Disciplined Entrepreneurship is a structured approach that guides the starting entrepreneur through specific actions that need to be taken before jumping into developing the product or service. This methodology shows how innovation-driven entrepreneurship can be broken down into discreet behaviors and processes which can be taught in just 24 steps.

The methodology introduces to the startup world useful concepts such as beachhead markets, personas, high-level product specifications, quantifying value, decision-making units, and many more. They are not only presented in an easy to understand way but are linked with the author’s experience as a serial entrepreneur and highly adapted to tech innovation. DE evolved from MIT entrepreneurship is probably more suited for engineering concepts.

The combined approach

Start planning your journey by using the Business Model Canvas or the Lean Canvas. Understand your destination before anything else, and your motivation (because that is what is going to keep you and your team together on the path when things get hard). A moonshot or North Star is more important than anything. But then what matters are the first steps.

Understand how Lean Startup works, how to start discovering customers. Get out of the building and talk to them, no framework or toolbox is going to replace that. Create the profile of your persona using the structured framework Disciplined Entrepreneurship provides. Get to know your customer. Your “beachhead market”, and your TAM (DE terms). The information that results from following the first steps of this framework is more detailed and provides more insights into user/client needs and it will make it easier for you to work with the Value Proposition Canvas (Osterwalder) or the empathy maps from Ideo, CA design company used by Silicon Valley.

Startups are all about the unknown. And flexibility. And testing. There is no one right formula for becoming successful and any entrepreneur looking to start an innovation-driven enterprise should know in advance that fixating on one tool to solve all problems is rarely the answer. You wouldn’t leave on an expedition taking only one thing with you (as long as it’s not a spiritual or religious one), so don’t be a blind follower or zealot of any startup trend.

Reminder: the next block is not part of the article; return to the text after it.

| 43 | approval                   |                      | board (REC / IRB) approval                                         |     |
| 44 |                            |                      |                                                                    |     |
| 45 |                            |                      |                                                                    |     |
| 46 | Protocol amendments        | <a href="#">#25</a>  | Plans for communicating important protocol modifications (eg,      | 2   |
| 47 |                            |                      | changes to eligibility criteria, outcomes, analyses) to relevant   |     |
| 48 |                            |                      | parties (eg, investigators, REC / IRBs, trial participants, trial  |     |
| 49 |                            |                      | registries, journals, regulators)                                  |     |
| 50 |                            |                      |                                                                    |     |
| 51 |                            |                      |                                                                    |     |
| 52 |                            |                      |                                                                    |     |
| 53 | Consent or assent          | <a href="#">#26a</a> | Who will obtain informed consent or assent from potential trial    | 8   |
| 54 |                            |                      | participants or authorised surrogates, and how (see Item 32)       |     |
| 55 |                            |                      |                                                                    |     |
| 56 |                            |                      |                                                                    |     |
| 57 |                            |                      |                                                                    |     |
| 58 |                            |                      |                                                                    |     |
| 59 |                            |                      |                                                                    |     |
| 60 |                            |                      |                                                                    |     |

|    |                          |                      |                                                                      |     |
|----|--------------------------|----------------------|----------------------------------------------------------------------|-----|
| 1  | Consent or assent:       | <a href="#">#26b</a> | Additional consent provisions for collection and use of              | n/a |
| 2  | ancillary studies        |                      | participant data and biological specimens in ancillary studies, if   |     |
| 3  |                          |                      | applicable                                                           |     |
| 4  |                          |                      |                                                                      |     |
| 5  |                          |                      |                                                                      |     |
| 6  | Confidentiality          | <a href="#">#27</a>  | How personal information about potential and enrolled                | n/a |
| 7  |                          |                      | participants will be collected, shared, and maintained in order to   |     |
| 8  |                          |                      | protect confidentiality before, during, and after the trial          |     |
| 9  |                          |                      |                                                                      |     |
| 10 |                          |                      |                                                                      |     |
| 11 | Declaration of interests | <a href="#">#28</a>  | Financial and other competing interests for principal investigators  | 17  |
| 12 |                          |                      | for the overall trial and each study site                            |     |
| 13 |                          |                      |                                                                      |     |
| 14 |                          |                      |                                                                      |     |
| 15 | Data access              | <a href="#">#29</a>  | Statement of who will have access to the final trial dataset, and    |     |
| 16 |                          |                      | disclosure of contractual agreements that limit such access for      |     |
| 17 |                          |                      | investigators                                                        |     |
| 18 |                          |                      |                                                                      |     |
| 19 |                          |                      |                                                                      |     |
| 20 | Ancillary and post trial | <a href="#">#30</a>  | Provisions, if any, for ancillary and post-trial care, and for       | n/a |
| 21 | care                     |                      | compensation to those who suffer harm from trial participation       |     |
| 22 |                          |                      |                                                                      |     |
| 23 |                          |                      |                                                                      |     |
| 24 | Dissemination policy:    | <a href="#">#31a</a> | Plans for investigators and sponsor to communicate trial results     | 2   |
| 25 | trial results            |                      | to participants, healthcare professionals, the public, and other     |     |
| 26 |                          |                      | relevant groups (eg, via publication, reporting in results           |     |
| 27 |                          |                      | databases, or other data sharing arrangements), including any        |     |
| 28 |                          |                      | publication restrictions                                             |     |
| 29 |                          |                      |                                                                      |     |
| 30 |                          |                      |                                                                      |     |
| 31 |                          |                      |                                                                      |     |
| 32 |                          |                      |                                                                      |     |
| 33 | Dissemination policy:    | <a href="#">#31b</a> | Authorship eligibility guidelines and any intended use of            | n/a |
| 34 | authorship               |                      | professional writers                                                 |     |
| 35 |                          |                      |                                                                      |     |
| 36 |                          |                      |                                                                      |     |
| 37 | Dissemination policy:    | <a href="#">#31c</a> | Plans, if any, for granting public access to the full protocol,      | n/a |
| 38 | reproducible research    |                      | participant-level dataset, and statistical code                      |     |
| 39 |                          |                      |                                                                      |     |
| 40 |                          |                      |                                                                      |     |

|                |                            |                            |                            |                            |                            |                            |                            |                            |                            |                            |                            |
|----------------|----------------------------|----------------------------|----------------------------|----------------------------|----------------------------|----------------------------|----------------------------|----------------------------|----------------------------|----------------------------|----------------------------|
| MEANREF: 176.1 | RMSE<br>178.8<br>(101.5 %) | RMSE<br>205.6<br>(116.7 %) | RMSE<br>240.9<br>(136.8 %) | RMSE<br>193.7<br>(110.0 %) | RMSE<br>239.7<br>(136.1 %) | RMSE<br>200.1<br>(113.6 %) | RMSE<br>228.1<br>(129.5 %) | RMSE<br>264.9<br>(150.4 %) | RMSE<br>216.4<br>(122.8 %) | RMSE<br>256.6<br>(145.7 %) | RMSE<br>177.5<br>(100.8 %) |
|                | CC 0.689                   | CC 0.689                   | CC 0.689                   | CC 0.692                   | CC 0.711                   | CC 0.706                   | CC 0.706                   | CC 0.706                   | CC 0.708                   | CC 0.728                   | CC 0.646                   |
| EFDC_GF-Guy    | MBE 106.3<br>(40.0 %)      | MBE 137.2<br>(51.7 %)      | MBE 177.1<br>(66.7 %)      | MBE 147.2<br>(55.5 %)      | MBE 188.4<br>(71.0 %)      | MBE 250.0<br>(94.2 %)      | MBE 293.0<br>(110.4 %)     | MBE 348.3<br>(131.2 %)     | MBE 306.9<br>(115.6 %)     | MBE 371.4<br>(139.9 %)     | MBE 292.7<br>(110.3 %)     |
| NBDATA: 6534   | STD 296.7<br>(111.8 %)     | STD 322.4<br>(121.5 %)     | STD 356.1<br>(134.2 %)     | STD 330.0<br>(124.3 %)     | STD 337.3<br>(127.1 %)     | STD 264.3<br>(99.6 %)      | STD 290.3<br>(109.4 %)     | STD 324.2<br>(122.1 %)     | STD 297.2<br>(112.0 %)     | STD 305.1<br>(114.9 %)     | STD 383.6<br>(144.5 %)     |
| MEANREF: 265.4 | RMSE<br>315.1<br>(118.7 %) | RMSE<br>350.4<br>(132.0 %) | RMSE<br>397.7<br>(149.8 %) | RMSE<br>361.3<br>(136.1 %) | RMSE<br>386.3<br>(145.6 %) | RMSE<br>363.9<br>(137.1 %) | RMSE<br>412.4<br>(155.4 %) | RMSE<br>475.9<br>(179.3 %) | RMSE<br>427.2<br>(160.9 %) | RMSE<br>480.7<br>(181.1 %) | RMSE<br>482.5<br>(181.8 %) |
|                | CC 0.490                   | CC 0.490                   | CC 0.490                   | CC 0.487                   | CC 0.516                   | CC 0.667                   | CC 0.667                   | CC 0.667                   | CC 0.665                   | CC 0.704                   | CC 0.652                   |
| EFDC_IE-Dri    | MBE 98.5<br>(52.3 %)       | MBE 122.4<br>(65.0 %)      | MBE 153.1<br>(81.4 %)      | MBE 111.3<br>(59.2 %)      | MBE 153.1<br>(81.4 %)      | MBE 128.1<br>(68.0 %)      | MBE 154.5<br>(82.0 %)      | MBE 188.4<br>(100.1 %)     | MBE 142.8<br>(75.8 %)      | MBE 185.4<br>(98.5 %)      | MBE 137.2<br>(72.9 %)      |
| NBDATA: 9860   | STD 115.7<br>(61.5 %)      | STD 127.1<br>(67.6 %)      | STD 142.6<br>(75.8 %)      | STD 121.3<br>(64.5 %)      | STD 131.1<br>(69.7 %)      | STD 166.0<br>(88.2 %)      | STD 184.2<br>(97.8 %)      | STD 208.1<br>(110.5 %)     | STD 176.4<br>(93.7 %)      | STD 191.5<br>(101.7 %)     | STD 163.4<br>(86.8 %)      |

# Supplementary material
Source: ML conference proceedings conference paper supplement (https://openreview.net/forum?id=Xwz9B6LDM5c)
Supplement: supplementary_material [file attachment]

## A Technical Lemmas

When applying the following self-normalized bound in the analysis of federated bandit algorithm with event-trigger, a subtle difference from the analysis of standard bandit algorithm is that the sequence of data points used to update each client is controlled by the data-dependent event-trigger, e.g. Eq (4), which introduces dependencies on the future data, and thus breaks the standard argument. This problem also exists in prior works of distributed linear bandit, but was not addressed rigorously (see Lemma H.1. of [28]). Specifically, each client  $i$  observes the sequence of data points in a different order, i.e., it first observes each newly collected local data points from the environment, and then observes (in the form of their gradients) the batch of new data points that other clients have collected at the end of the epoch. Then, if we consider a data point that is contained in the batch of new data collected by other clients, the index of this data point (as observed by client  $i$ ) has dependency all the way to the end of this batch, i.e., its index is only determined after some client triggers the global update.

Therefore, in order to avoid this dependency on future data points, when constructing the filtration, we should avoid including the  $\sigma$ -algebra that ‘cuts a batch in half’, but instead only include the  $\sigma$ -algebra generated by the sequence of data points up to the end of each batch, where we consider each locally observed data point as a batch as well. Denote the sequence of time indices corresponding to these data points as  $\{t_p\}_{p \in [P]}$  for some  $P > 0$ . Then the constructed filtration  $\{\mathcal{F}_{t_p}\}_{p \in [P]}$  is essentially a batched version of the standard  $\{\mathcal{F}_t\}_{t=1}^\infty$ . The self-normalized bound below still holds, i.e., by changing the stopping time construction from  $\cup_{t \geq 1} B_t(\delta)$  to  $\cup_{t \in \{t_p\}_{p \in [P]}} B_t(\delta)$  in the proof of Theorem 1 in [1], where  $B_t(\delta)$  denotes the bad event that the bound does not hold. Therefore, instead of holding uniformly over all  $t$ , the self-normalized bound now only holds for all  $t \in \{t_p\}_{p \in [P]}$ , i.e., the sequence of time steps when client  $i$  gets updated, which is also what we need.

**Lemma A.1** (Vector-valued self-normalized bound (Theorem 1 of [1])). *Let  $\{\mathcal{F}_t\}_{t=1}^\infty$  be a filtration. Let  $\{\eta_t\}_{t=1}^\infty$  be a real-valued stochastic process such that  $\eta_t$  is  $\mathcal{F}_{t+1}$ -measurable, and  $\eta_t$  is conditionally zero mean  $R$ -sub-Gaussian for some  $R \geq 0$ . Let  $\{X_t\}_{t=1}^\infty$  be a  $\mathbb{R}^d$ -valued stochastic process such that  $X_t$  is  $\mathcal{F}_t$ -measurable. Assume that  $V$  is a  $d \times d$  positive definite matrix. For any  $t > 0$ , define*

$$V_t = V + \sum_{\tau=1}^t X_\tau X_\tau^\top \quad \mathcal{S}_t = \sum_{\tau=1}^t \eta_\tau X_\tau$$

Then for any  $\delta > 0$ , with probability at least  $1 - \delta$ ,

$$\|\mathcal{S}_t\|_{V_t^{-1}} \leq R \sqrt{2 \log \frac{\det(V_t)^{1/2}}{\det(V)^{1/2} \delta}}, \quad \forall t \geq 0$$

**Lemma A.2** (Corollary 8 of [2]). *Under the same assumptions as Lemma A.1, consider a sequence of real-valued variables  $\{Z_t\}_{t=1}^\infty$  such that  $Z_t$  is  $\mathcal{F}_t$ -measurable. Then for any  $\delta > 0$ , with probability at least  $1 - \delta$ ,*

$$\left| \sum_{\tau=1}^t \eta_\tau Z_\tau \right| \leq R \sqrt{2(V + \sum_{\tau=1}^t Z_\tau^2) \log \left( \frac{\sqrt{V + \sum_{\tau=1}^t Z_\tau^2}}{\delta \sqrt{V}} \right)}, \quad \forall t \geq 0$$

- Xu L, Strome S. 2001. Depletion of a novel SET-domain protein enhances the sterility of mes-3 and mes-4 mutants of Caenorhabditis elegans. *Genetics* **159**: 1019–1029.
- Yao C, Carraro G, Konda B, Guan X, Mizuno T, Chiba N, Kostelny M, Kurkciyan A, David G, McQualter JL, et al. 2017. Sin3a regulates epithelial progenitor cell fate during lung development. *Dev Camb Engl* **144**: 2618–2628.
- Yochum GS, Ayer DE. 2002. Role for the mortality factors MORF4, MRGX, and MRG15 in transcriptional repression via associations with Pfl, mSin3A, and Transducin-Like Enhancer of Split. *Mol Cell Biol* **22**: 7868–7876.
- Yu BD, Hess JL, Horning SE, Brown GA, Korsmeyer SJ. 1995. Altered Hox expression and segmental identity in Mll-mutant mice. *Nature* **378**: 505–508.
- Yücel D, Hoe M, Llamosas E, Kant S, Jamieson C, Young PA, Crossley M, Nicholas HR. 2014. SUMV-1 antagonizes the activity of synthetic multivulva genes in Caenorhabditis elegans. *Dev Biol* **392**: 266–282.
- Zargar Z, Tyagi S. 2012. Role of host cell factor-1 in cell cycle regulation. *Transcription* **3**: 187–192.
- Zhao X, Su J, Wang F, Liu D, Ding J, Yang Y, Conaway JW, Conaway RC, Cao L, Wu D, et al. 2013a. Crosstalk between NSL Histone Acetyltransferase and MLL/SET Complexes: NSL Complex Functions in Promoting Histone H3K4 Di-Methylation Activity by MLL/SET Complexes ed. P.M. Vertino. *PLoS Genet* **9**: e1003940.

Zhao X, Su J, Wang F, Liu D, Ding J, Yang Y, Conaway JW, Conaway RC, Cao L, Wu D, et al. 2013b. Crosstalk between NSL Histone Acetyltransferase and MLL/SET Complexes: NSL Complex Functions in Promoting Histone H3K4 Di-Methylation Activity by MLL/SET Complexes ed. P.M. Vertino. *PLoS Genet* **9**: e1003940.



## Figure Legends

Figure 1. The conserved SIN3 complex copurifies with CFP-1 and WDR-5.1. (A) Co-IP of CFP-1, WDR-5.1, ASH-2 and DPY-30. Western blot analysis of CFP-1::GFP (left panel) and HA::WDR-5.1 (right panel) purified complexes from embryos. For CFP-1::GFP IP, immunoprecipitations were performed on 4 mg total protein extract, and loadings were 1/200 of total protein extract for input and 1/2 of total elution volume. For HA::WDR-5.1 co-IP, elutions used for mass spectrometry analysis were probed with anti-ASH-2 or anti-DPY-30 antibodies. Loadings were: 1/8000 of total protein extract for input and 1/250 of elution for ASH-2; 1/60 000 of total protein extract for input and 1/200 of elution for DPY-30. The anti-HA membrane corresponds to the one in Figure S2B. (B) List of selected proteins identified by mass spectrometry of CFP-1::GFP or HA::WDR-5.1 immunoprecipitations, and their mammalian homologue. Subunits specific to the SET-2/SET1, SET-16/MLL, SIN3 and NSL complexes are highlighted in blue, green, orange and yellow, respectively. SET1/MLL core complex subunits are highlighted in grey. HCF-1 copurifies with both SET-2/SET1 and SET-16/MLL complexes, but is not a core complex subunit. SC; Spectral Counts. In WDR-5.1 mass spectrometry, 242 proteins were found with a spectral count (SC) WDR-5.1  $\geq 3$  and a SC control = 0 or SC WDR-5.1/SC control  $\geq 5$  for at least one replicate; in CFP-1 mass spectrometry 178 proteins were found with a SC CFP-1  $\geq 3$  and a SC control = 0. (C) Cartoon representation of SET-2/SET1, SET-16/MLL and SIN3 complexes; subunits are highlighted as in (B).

Lean Entrepreneurship Guide

In January 2019 at the Annual USASBE Conference in St. Petersburg FL the Lean Entrepreneurship Guide (or chart) was introduced and each attendee left with a copy of the 6-page, laminated guide:

Shortly after the conference teachers began to use pieces of different lean startup methods in the guide (they are all 14 in the guide) to help students design more successful startup businesses.  It was not much longer that users discovered the final business model was stronger and the business more thriving when two to three methods were combined.  One professor in Tennessee starts with Blank’s lean launch using the BMC, then shifts to the first half or 1 through 13 of Aulet’s DE steps until returning to customer development and interaction.  After DE’s steps 14-24, the class finishes with lean launch and stays with the BMC and customer inputs on a continuous basis.

The Lean Entrepreneurship Chart can be bought for $10 on Amazon using this link, cut and paste (bulk sales are less expensive and brand the institution on them):


Thanks to base article by Marius Ursache (founder of Metabeta and Disciplined Entrepreneurship Toolbox November 22, 2020).